Princeton Tec Corona
The Princeton Tec Corona offers multiple variations of light strength and delivery. Users can select the number of LEDs turned on, and then choose between normal, dim, and flash. It performed acceptably at all distances.
Princeton Tec EOS
The EOS offers more output and a more concentrated beam-at the cost of a shorter burn time-than the Quad Tactical, and it proved suitable at all three distances tested. It lacks the convenient filter, but offers easy, in-the-dark battery changing, lightness, and comfort.
Princeton Tec Quad Tactical
The Princeton Tec Quad Tactical uses a four-LED array, and it has a clever red
filter that can be moved quickly into position with the lamp on your head. This lamp is adequate for close work, but it was diffused at 12 feet and failed the 30-foot wire test.
Princeton Tec Yukon HL
This easy-to-use one-button, two-function headlamp comes with a rear battery pack. It turned in a good performance at close and long range. One click of the single button turns on three LEDs for close-up performance. A second click activates a single more-powerful LED for long range use.
Streamlight Argo, Argo HP
These models share a name but have different LEDs and power sources. The Argo offers more brightness modes, cheaper batteries, and a power indicator-but excess close-range power and much shorter burn time-whereas the Argo HP, with its regulated LED, runs longer and weighs 0.7 ounces less.
The Haz-Lo is certified for use around propane, gasoline, naphtha, benzene, butane, ethyl alcohol, acetone, and methane. It was included since working on a fuel tank or stove belowdecks could expose you to an explosive environment. Its single light level limits its versatility. However, it is light weight, offers a hybrid floodlight with strong central spotlight beam, and has a long burn time.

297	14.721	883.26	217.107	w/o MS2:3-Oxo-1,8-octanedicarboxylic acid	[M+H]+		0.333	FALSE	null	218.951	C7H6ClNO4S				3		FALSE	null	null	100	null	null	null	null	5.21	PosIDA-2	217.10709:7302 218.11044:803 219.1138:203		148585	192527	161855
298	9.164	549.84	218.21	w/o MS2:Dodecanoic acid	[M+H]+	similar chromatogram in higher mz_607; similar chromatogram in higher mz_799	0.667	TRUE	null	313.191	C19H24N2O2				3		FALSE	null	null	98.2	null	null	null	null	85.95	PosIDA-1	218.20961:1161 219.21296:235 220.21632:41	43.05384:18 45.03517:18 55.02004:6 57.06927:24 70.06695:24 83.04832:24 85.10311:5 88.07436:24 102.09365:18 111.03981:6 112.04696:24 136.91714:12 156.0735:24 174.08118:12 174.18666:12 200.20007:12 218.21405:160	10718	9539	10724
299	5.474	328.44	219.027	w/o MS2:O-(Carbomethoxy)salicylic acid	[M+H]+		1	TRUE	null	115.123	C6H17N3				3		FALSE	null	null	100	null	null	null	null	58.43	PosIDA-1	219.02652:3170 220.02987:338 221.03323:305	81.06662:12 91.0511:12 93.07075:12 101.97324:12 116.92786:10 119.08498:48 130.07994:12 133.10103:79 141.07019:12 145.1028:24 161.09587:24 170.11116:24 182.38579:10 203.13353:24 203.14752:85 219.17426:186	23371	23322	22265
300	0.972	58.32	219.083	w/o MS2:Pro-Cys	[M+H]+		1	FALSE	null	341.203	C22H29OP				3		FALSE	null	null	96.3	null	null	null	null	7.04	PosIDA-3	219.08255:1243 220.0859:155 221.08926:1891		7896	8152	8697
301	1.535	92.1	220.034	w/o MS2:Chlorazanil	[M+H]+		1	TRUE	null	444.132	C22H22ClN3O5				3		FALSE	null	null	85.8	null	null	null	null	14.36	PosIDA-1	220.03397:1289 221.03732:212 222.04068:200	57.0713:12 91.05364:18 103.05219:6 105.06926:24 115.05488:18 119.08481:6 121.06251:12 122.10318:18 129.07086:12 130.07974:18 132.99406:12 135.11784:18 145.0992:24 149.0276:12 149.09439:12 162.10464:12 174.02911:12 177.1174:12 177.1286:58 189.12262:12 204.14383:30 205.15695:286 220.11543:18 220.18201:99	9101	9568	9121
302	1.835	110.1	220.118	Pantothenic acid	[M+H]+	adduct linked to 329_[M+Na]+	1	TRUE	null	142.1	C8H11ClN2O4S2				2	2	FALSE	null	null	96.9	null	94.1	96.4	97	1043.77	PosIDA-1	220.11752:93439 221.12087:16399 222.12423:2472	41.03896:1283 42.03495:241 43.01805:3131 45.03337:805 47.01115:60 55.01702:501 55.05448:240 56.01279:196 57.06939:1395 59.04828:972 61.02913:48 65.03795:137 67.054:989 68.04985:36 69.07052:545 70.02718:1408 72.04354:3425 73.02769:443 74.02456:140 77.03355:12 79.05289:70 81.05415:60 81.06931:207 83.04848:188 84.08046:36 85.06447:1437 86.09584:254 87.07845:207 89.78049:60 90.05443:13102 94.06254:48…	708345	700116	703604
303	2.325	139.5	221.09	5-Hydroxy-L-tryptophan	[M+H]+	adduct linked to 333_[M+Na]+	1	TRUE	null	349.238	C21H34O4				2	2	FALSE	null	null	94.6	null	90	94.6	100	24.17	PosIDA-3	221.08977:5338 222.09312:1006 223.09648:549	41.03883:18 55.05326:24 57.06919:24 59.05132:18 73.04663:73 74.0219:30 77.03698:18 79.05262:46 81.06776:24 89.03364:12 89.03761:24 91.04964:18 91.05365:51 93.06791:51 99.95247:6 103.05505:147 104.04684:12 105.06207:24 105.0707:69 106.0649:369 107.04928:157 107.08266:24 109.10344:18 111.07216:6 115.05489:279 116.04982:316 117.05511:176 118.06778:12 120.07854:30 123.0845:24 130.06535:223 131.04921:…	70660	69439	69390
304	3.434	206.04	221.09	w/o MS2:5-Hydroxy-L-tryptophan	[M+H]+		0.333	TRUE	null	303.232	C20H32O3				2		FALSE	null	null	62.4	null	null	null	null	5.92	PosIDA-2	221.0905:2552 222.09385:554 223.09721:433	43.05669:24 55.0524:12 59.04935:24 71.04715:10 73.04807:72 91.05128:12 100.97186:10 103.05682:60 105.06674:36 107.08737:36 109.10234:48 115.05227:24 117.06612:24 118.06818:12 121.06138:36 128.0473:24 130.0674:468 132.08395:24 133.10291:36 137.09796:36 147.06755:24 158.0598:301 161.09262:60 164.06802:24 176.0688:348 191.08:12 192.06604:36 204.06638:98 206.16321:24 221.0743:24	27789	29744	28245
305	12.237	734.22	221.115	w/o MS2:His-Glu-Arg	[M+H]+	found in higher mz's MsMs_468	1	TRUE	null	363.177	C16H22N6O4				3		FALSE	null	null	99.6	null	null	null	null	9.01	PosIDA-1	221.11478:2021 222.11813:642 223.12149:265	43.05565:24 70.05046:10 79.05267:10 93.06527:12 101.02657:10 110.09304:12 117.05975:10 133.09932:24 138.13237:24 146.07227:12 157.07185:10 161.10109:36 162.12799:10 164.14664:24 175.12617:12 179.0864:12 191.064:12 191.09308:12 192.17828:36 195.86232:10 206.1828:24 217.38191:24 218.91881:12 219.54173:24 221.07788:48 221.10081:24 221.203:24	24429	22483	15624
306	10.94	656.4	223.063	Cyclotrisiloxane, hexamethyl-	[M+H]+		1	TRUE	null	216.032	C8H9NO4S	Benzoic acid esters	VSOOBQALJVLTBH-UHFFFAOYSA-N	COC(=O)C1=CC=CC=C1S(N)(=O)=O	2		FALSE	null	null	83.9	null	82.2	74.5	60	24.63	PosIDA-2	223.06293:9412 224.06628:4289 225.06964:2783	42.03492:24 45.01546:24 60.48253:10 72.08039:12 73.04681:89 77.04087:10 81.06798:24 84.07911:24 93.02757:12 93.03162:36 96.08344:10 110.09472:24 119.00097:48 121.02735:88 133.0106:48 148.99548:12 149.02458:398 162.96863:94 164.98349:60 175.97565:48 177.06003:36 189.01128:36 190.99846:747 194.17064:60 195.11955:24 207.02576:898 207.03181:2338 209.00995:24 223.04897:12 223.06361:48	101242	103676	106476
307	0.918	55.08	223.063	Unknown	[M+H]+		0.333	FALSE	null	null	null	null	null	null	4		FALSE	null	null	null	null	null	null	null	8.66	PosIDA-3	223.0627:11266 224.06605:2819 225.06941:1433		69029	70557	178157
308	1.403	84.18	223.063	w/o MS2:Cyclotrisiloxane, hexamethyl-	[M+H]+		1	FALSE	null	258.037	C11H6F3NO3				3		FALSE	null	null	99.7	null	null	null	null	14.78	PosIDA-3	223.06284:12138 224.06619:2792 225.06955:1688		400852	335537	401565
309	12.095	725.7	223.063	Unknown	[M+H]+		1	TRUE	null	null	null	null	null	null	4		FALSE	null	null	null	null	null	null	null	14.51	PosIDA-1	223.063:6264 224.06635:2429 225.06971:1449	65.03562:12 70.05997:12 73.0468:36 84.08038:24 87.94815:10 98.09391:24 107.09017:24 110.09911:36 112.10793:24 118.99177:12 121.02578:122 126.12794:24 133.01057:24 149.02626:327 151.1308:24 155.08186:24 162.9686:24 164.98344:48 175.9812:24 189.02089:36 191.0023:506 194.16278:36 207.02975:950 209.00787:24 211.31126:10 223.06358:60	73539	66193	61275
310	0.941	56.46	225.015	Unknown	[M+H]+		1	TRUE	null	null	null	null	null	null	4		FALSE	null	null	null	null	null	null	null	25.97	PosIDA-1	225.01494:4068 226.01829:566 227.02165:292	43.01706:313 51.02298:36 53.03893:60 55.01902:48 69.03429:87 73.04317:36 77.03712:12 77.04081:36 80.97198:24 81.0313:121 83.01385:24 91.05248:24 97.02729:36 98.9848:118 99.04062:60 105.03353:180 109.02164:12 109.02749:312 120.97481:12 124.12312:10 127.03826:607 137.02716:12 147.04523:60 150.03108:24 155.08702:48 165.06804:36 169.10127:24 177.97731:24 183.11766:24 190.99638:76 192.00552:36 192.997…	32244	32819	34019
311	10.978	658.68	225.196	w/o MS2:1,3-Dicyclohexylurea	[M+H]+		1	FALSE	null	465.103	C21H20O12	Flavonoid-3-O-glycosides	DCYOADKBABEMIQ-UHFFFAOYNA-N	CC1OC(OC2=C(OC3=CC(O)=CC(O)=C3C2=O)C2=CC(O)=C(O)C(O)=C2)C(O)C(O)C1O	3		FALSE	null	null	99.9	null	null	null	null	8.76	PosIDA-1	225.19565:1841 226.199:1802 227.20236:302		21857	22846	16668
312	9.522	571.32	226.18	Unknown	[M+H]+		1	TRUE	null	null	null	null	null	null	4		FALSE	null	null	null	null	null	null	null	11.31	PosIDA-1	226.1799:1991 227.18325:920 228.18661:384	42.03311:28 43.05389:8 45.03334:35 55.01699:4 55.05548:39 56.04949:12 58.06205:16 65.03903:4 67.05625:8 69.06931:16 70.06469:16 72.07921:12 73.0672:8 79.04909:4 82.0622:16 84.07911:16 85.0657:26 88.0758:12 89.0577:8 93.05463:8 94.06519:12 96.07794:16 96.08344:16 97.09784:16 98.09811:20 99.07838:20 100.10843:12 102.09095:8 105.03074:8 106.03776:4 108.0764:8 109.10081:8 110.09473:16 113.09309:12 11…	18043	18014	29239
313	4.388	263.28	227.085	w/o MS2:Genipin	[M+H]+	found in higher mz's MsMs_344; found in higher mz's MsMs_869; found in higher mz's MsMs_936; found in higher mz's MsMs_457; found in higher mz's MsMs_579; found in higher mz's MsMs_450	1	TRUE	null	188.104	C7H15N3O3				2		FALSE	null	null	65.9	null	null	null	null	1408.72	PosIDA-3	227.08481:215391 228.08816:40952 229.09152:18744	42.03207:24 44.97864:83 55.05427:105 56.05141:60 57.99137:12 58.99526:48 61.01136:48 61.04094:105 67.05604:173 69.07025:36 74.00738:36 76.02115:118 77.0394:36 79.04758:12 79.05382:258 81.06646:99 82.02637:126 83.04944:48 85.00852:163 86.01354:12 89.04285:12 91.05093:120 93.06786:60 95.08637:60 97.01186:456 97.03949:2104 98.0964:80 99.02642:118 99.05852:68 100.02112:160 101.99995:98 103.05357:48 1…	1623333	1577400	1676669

The Haz-Los 7,890-lux light was excessive at 1.5 feet, but it was more than competent at other distances.
With the exception of the color of their middle LED, the Trident White and Green look and perform similarly. Their simple controls afford them a short learning curve. Both performed well at all three distances, but we prefer the green model, which offers sufficient light while preserving your and your crews night vision.
Underwater Kinetics Vizion
A relatively new product, the UK Vizion is lightweight, especially with lithium batteries, which the company recommends using for best performance. It differs in design and operation from the other test lamps as its assembly-lamp, battery, reflector, diffuser, and switch component-is cylindrical and fits within the carrier attached to the head strap. Instead of using the usual hinged lamp housing, the Vizion beam angles up and down by turning the lamp assembly via an adjustment knob on the housing.
The Vizions performance in lighting tests was excellent. One feature testers particularly liked was the Vizions rotating red filter that slides over the bulb like an eyelid, making the light infinitely variable from diffused white to diffused red. On the negative side, they noted that changing the filter also inadvertently moved the beam angle.
There are numerous factors besides LED lumens that affect lamp performance. This test showed that the lumen rating alone is not a sufficient predictor of a lamps long-range performance. A better (but not perfect) predictor for long-range performance is lux performance at 30 feet. The top five headlamps, in terms of lux, were (in ascending order) the Petzl Saxo Aqua (20 lumens), Streamlight Haz-Lo (34 lumens), UK Vizion (29 lumens), Petzl Duobelt (60 lumens), and Pelican HeadsUp Recoil (30 lumens).
The Pelican offers the strongest spotlight, at a price to match. For a little less, but still with excellent longest-distance performance, are the Trident, Argo HP, UK Vizion, and Pelican. All units met our 50-lux close-range minimum, with only one-the Petzl E Lite-coming in under the 70-lux level.
Our top picks were based on wearing, testing, and using these headlamps for months. Best Choice honors go to the Black Diamond Icon, a lightweight, top-performing lamp thats versatile and loaded with features. In a perfect world, it would have a red filter, but for those who want the night-vision-saving filter, check out the UK Vizion, the Practical Sailor Budget Buy. It gave the Icon a run for its money, and it costs less, offers adjustable filtration, has a lifetime warranty, and seems more durable, at least on the water.